By Mike Hager | Febuary 2nd, 2017
Human-rights board says a man suffering from chronic pain must have his marijuana prescription paid for
Nova Scotia’s human-rights board has ruled that a man suffering from chronic pain must have his marijuana prescription paid for by his employee-insurance plan, with advocates saying the decision opens the door for patients across Canada to push for similar cannabis coverage.
Gordon Skinner, from a community just outside Halifax, had argued that he faced discrimination when he was denied coverage by the Canadian Elevator Industry Welfare Trust Plan. He has been using medical cannabis to treat pain from an on-the-job car accident that forced him from work as an elevator mechanic more than six years ago.
In a written decision posted online Thursday, the provincial inquiry-board chair found that Mr. Skinner’s plan could not exclude paying for his cannabis because it required a doctor’s prescription. The ruling states that the insurance plan contravened the province’s Human Rights Act, and must now cover his medical-marijuana expenses “up to and including the full amount of his most recent prescription.”
“Denial of his request for coverage of medical marijuana … amounts to a prima-facie case of discrimination,” the ruling states. “The discrimination was non-direct and unintentional.”
In Canada, only veterans, some first responders and a small number of private citizens get their medical marijuana covered by health-insurance providers. That’s because Health Canada has not approved marijuana as a medicine, so insurers are less inclined to offer coverage.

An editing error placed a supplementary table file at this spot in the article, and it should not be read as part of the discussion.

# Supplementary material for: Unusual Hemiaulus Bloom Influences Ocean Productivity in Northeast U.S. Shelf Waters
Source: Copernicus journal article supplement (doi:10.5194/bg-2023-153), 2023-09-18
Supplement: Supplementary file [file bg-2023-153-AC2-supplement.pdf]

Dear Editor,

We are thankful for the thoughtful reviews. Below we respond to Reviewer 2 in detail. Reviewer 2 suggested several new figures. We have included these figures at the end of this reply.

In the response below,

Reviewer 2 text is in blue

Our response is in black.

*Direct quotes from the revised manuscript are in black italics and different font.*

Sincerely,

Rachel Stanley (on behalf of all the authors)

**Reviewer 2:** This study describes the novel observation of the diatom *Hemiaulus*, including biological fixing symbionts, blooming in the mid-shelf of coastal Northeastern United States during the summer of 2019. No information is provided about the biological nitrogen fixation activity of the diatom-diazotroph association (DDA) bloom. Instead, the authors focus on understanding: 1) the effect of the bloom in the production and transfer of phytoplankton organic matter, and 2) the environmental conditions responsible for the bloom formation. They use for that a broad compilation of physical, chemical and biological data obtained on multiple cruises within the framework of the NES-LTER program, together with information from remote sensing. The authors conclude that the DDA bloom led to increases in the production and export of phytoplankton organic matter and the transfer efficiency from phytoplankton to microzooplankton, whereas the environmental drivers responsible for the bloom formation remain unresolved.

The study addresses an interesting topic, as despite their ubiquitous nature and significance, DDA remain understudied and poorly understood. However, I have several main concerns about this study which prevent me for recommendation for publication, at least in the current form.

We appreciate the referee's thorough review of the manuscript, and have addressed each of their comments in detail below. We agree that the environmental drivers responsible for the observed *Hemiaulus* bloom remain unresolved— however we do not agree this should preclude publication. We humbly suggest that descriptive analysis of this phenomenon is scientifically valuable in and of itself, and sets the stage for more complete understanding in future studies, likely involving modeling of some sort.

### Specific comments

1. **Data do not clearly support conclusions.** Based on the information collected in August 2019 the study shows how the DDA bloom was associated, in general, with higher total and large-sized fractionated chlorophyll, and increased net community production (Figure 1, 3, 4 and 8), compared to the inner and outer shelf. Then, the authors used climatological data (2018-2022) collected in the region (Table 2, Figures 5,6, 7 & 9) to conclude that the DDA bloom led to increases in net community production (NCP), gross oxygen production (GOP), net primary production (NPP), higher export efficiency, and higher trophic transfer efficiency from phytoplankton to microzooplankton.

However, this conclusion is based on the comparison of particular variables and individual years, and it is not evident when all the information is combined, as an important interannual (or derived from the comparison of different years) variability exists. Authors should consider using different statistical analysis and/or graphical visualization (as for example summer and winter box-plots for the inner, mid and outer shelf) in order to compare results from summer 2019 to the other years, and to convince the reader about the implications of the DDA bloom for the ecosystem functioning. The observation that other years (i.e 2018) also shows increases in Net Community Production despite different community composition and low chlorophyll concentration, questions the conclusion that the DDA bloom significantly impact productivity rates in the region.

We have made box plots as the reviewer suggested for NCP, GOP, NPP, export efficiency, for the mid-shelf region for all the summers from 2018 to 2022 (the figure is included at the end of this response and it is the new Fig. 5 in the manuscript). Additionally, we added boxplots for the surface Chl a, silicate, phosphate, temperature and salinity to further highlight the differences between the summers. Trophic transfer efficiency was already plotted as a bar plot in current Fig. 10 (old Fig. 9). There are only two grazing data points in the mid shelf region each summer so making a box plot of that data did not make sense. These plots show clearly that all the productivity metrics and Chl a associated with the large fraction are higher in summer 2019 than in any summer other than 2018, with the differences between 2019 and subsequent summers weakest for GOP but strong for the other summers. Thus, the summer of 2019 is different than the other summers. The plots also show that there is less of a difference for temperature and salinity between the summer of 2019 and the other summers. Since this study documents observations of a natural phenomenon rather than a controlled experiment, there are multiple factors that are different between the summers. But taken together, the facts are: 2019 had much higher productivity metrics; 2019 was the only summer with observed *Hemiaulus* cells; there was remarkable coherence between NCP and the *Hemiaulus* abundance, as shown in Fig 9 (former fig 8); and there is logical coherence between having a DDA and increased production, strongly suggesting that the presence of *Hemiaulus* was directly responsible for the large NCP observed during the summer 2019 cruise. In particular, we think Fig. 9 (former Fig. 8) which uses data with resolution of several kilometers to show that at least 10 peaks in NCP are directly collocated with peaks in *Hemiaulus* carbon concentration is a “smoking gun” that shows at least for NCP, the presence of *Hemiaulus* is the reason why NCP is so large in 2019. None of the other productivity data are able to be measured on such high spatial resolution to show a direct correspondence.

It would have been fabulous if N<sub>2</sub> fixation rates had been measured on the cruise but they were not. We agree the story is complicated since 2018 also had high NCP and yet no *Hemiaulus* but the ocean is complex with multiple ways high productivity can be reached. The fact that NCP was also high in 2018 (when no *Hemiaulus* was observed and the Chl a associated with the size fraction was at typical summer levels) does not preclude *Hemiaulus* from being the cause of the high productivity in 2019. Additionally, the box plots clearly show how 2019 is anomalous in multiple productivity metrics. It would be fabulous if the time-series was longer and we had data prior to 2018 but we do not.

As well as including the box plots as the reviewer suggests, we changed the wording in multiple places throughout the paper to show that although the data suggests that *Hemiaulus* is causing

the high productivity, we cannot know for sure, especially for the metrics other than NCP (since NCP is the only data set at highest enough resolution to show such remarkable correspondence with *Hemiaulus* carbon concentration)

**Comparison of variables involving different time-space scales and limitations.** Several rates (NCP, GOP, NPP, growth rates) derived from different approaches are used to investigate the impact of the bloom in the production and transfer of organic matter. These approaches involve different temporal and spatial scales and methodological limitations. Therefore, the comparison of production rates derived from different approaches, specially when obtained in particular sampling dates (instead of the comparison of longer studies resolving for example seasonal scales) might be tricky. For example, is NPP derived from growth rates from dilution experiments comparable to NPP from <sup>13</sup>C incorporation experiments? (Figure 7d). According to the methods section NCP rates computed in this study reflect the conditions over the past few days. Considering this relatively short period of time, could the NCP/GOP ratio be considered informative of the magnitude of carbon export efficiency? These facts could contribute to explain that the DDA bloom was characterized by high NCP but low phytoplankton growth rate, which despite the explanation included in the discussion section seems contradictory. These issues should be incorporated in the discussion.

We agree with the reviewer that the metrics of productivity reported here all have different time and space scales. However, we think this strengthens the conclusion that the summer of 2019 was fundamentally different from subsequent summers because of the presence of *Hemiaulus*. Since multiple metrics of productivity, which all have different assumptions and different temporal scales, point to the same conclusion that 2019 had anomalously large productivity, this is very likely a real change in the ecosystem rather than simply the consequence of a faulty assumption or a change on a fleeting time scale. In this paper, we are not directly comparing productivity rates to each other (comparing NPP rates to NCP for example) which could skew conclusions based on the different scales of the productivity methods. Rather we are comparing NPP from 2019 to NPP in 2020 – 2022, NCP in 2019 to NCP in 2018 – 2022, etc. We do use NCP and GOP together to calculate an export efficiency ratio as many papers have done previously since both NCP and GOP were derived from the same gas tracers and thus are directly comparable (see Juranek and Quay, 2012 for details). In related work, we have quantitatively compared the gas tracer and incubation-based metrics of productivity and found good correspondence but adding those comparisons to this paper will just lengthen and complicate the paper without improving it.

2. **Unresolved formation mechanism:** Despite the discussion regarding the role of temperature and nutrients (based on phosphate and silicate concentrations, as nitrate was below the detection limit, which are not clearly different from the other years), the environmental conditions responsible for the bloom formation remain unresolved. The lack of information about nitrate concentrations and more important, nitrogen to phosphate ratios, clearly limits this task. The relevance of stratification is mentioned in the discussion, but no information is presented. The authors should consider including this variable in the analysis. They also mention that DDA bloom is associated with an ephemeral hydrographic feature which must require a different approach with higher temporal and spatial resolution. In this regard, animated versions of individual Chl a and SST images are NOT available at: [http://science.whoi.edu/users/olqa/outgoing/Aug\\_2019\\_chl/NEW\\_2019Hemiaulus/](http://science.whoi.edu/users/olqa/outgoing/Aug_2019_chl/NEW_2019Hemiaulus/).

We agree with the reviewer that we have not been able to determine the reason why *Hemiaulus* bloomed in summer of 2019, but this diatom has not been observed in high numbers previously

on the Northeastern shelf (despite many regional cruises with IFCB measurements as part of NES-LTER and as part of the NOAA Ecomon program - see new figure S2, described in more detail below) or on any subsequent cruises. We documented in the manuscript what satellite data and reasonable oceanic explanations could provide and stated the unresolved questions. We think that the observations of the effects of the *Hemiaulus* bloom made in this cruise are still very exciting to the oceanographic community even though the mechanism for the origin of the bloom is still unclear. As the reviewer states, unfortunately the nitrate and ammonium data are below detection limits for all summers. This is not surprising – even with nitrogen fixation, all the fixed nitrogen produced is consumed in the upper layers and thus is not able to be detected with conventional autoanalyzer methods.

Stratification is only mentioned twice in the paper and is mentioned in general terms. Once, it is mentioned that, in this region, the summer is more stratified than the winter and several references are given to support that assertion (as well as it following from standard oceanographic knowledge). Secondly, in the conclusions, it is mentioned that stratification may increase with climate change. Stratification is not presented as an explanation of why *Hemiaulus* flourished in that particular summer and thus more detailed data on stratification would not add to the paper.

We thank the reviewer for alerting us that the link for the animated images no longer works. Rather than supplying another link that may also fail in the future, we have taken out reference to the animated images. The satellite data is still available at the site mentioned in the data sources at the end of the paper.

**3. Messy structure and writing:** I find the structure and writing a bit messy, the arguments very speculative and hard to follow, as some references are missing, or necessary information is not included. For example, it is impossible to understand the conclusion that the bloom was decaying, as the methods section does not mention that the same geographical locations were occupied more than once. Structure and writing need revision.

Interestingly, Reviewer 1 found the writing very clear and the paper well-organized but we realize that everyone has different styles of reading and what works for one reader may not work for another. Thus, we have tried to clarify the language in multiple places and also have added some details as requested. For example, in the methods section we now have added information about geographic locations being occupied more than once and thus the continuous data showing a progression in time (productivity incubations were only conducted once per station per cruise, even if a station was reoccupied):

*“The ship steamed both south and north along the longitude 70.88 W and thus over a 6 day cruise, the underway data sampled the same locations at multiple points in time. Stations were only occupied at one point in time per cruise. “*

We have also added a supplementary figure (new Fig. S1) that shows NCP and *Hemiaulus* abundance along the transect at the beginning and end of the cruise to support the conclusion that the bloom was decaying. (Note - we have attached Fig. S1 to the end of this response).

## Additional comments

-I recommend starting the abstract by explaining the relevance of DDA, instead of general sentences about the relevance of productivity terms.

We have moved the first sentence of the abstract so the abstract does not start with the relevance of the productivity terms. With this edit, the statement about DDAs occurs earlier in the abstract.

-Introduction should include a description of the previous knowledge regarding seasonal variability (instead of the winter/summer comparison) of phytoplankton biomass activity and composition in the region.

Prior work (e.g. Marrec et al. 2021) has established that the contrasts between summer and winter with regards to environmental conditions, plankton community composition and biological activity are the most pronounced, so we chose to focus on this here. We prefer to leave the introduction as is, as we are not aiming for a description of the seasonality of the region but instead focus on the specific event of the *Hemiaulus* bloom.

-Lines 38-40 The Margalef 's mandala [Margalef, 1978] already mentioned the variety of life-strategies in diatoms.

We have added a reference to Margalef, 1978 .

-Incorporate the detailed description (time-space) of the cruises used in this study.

Deepak Anand, executive director of the Canadian National Medical Marijuana Association, said the ruling is significant and could see a number of people apply for coverage through their provincial human-rights commissions.
“If they could start to use this avenue to try to get their employers or insurance providers to start covering it, I think that’s going to be significant and we are going to see more of that,” Mr. Anand said. He said he knew of one other instance where an insurance company agreed to cover medical marijuana – for University of Waterloo student Jonathan Zaid in 2015.
Mr. Zaid, who now heads the patient advocacy group Canadians for Fair Access to Medical Marijuana, said Thursday’s ruling could extend to other medical-cannabis patients that have similar contract language in their employee plans.
“All patients can use this and show the feasibility of insurance coverage and how it’s a human right and how medical cannabis should be treated just like any other prescription medication,” Mr. Zaid said.
However, he added, the exclusion of cannabis coverage from many people’s plans hinges on the drug not having been issued a unique number by Health Canada that identifies its manufacturer, product name, active ingredients, strength, pharmaceutical form and route of administration.